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The Molecules are the Message

Plants use the blue light photoreceptor, cryptochrome, to measure the overall intensity of daylight and activated cryptochromes transmit this information throughout the organism. They have another set of receptors for red light, the phytochromes, that work in the same way. And Arabidopsis uses the ratio of activated red:blue photoreceptors to tell them how crowded they are in their microenvironment.

The number of phytochromes and cryptochromes that are transported into cell nuclei influences how nascent transcription factors will respond to changing light conditions by altering genomic expression to accommodate the updated environment and provide the correct response.

Arabidopsis plants also produce phenylpropanoids to protect them from harmful UV radiation, analogous to how the phenyl compounds in commercial sunscreens work. Production of these phenylpropanoids peaks just prior to dawn.

Chlorophyll-binding proteins are also turned on in the early morning in anticipation of the coming sun. Lipid desaturation enzymes and other molecules that confer cold and frost resistance throughout the night are not needed throughout the day, and so by mid-day, the expression of various transcription factors that down-regulate these cold resistance genes peak.

Arabidopsis also down-regulates the synthesis of enzymes that store, transport, and break down the sugars the plant produces throughout the day until they are needed. Nitrogen and sulfur assimilation and amino acid production is timed so that these energy-intensive reactions can be performed in the morning when the plants have the most energy available to them.

Cell elongation genes are expressed in the late afternoon and early evening and then put to rest by nighttime so that other enzymes can begin to use the available energy to synthesize the polysaccharides needed to reinforce the newly elongated cell walls, working through the night to finish.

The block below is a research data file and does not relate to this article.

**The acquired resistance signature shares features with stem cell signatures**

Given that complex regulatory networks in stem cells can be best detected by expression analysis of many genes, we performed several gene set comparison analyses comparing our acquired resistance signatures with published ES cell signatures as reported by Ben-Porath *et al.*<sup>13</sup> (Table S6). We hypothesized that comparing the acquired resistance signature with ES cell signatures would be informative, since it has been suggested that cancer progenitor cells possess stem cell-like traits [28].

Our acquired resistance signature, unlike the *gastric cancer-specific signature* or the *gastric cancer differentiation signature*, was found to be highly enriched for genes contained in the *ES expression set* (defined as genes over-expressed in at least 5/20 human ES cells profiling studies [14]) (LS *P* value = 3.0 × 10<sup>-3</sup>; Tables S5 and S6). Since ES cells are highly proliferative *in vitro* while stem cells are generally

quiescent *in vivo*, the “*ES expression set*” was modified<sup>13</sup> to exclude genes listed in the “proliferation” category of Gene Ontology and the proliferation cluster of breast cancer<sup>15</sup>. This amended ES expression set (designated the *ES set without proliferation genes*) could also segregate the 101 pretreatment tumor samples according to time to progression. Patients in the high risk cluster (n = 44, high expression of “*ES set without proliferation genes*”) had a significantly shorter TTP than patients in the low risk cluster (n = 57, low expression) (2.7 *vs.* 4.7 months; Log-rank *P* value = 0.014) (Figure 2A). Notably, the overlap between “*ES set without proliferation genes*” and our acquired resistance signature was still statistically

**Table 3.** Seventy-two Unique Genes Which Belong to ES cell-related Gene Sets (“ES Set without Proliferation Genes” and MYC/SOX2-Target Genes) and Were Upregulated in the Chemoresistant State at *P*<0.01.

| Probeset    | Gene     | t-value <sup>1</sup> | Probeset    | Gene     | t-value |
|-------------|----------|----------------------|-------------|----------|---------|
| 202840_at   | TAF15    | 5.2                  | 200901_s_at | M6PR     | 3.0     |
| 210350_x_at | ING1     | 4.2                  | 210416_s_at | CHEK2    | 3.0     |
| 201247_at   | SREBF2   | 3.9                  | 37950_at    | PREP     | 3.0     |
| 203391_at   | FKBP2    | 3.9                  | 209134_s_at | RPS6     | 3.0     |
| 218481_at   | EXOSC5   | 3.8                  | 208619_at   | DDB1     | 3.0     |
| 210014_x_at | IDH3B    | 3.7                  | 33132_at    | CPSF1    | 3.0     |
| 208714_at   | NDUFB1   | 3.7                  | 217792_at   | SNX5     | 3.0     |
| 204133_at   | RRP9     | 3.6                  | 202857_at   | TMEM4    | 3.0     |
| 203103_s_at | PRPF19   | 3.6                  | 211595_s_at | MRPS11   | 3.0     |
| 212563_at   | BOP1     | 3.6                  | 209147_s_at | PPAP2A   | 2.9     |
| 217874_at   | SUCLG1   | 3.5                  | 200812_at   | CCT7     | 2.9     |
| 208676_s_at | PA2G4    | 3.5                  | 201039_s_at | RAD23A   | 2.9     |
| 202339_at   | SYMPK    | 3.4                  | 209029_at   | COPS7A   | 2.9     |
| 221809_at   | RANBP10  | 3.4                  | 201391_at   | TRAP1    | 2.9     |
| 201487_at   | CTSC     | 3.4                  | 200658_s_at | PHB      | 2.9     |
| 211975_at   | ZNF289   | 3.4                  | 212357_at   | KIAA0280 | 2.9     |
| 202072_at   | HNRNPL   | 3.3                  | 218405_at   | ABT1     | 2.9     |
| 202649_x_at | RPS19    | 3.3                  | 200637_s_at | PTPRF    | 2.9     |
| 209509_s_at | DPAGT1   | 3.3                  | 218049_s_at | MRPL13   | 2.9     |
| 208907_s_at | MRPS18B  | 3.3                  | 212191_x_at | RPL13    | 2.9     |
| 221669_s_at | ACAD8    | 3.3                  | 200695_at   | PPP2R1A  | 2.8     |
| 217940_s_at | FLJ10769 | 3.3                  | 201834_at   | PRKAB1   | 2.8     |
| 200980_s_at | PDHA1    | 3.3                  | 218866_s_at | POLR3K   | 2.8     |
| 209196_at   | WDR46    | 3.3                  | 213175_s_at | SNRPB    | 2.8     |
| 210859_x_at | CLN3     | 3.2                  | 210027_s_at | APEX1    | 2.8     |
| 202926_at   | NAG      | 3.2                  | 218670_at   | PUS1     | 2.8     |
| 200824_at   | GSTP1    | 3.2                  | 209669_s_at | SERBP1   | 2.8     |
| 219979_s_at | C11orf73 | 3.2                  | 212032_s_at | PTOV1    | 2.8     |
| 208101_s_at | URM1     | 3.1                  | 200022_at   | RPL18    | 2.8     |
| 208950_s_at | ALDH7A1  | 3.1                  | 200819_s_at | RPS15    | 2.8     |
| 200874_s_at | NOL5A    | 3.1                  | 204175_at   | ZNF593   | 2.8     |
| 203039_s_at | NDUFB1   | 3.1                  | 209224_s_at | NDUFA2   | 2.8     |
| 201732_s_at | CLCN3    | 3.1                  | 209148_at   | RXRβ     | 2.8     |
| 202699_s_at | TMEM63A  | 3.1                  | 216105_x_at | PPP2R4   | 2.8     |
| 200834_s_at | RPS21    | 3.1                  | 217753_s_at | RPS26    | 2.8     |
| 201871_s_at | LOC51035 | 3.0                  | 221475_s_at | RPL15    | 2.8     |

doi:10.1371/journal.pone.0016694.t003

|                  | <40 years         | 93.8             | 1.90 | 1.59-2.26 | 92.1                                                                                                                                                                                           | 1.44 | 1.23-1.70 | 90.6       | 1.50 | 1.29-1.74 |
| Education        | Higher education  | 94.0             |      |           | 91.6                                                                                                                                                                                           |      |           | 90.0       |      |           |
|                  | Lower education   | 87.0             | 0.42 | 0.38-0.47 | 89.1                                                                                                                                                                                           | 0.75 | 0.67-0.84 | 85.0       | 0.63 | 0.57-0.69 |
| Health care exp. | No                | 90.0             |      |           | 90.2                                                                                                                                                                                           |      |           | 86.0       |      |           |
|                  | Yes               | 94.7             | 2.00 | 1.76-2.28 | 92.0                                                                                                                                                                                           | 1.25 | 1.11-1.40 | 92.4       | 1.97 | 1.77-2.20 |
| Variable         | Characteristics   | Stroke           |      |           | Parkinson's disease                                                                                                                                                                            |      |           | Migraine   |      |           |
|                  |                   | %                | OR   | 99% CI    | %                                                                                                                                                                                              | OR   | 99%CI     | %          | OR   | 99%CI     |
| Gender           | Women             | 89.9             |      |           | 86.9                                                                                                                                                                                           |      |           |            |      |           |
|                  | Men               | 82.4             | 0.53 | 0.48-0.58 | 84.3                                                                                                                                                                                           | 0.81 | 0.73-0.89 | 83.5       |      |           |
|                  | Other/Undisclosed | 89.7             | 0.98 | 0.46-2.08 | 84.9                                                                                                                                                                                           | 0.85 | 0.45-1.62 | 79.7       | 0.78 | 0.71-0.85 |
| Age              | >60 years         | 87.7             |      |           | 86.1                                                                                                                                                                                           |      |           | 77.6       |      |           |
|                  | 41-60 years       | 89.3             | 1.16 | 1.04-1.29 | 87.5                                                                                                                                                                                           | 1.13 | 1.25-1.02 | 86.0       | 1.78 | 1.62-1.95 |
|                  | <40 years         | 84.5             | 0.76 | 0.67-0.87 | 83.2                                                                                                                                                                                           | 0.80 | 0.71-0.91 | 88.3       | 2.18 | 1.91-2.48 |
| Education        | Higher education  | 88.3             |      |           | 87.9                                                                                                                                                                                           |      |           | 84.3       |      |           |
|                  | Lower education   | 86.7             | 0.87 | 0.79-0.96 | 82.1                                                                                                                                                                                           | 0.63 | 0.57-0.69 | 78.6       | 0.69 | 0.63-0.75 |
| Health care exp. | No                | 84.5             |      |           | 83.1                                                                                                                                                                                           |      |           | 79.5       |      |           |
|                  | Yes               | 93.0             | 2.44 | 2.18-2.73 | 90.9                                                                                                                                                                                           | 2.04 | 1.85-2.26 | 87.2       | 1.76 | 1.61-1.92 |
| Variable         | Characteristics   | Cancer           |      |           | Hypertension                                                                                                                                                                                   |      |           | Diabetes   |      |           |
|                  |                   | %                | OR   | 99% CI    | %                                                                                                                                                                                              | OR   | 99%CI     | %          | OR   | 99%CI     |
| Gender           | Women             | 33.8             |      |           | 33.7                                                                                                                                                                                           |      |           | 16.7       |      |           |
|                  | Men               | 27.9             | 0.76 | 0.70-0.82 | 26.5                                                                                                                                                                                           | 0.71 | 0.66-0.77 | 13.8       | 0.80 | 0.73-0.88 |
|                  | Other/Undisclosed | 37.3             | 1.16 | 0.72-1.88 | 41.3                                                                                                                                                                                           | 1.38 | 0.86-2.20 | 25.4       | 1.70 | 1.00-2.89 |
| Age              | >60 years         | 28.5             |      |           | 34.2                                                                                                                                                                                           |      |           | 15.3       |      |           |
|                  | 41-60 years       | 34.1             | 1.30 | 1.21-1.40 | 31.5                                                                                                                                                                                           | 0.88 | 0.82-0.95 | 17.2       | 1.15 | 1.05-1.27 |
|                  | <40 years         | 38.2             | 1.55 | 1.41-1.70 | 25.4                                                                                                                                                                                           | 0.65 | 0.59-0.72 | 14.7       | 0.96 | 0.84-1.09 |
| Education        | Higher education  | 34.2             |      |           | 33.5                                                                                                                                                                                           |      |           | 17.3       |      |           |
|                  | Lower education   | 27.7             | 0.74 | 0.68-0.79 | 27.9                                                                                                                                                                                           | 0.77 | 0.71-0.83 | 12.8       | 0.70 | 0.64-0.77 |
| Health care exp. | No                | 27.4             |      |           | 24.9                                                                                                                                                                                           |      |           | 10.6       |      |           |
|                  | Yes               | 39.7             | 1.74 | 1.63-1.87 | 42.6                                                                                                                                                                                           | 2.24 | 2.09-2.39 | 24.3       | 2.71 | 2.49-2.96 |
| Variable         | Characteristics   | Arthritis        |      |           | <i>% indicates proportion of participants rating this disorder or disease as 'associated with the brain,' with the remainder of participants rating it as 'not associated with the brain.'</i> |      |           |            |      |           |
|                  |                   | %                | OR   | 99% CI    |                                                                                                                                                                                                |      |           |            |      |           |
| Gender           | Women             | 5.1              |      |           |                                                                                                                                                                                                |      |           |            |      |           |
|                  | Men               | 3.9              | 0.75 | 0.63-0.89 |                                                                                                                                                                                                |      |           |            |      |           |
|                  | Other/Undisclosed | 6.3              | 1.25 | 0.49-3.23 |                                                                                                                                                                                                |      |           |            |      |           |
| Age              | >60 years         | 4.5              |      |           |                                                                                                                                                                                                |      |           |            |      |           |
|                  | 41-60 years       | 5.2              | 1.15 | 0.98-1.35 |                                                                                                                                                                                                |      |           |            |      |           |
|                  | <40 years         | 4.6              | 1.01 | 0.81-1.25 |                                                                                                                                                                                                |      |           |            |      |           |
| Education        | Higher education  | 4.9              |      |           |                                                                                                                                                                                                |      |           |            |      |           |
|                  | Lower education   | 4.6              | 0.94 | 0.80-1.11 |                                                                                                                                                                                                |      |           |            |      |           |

All and all, Kay and his colleagues found that of the 8,200 genes they surveyed, some 453—about six percent—moved to a circadian beat. The expression of these 453 ebbed and flowed with a period of 24 hours. About one quarter of the circadian genes they identified had no known function. “It’s really rather cool,” says Kay.

With so many uncharacterized circadian genes, we must assume that much of the biochemical detail of the clock story is not yet known in exhaustive detail.

Biology in Broad Strokes

Kay and his colleagues look at which genes are turned on and off by using DNA chips made available through the Novartis Agricultural Discovery Institute (now a part of Syngenta), a collaboration which Kay values. “NADI has done a lot to enhance plant research in academic labs,” he says. “Those [DNA chips] allow us to do many things.”

DNA “chips” are glass or silicon wafers onto which are deposited arrays of nucleic acid oligos, sometimes to concentrations of tens of thousand per square centimeter. One can quite easily put all or most of the oligos that correspond to known genes in an organism on one of these so-called affinity matrices and can then look for expression of every known gene in a genome for entire tissues at a time.

There are limitations to the method. Post-translational modification of expressed proteins into multiple isozymes—phosphorylated, glycosylated, and enzyme modified variants, for instance—cannot be observed. Also genes that are not annotated, or only expressed in tiny amounts but nevertheless play a role in the clockworks, may be missed. But the chips are perfect for looking at total mRNA expression of a tissue at a time, which is exactly what Kay is doing.

Kay also uses more traditional though no less enlightening methods of looking at the pattern of expression for single genes. He employs Agrobacterium tumefaciens as a vector to attach markers onto genes in Arabidopsis without disturbing the plant’s other functions. “We do this famous trick of making the plants glow in the dark,” he says.

By attaching a luminescent enzyme from fireflies, called luciferase, to specific genes in various tissues in the Arabidopsis plants, Kay and his colleagues can monitor when those genes are turned on or off and how they respond to environmental stimuli. They vary the amount of light a plant receives, for instance, and observe how the gene expression and flowering response of the plant varies accordingly.

Next Page | A genome dedicated to combating things that nibble on it

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Native Arabidopsis thaliana flowers in Brandenburg, Germany. (Image by Thomas Schoepke—www.plant-pictures.com.)



















“We do this famous trick of making the plants glow in the dark,” says Professor Steve Kay. Pictured here is a plant showing positive luciferase expression, as seen under a florescent lamp.